Prior to the pandemic, one in every four Ugandan girls below 19 became pregnant. Busoga sub region, where Mary and Rose live, has one of the highest rates of teenage pregnancies and child marriages in Uganda but most cases go unreported and therefore undocumented. In a number of Ugandan communities, early child marriages are used as a source of income for families. On the other hand, reporting defilement or rape is considered not only as an embarrassment but also an opportunity to get money from the offender. Deals are often negotiated outside the legal system. With the pandemic, which has kept girls across the country out of school, the situation is expected to be worse, and visibly, it is.

Within just four months into the lockdown (March-July 2020), Busoga had reported more than 600 cases of teenage pregnancies, according to the United Nations Population Fund (UNFP).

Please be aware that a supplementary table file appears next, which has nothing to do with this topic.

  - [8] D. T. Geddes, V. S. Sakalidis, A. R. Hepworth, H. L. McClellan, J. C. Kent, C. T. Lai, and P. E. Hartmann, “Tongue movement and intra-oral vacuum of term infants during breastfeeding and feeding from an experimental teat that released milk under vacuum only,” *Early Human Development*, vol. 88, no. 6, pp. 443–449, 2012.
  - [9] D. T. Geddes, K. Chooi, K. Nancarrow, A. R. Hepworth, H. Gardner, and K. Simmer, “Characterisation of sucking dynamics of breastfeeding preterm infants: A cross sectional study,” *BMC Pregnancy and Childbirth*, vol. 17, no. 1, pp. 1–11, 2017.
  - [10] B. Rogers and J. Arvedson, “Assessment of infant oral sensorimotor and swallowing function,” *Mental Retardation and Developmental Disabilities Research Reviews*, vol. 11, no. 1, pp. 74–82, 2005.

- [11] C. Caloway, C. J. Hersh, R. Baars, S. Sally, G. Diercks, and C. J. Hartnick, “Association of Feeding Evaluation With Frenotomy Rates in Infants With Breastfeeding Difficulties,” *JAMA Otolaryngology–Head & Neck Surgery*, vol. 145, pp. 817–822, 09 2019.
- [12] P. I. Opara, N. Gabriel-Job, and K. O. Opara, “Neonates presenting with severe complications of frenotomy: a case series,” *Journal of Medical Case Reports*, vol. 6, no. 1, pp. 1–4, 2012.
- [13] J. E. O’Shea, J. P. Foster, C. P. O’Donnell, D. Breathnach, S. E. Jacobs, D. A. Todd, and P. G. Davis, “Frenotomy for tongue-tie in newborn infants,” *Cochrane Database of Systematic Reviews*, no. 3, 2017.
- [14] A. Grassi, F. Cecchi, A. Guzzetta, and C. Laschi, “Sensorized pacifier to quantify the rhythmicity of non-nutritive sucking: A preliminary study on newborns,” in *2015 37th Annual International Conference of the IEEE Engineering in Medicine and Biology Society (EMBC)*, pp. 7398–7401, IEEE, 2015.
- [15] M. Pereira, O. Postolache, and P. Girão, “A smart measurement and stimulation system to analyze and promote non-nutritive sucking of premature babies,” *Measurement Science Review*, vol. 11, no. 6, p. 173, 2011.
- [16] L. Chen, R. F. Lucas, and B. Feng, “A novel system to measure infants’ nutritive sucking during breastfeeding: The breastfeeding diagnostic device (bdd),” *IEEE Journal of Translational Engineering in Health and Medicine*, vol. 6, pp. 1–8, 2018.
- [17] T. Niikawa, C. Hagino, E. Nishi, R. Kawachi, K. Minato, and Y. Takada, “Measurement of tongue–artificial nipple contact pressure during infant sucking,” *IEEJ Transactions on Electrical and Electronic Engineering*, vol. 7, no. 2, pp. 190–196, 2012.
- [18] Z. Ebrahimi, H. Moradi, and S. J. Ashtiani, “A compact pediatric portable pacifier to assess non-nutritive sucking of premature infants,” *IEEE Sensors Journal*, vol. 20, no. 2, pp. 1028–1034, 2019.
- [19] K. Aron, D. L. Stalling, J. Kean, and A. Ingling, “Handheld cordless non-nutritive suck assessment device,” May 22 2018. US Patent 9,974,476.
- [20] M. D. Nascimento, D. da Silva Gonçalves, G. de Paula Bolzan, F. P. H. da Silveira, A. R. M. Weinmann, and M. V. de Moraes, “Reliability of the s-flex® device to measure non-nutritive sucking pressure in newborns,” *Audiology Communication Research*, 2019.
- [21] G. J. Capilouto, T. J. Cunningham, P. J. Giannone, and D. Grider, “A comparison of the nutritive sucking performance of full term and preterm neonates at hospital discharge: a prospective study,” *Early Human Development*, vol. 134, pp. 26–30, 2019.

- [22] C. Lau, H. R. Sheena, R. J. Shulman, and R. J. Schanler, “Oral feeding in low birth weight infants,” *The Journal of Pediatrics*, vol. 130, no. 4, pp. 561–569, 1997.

In Kitgum district in northern Uganda, over 1,500 girls below 19 had visited a hospital for antenatal care in just three months (March – June 2020).

Between January and April 2020 the police reported nearly 4,500 cases of defilement. The Uganda Police’s annual crime report of 2020 indicates that 14,230 girls were defiled between January and December, up from 13,613 in 2019, representing a 3.8% increase.

As we wait for a detailed study, we can, perhaps, get a clue on the extent of the problem for the girl child from public perception. A survey conducted between December 2020 and June 2021 by the NGO Twaweza shows that 79 percent of the respondents are concerned about the rate of teenage pregnancies during lockdown.

With schools remaining closed, UNICEF’s Chief of Education in Uganda, Nabendra Dahal, describes the situation for children as a crisis.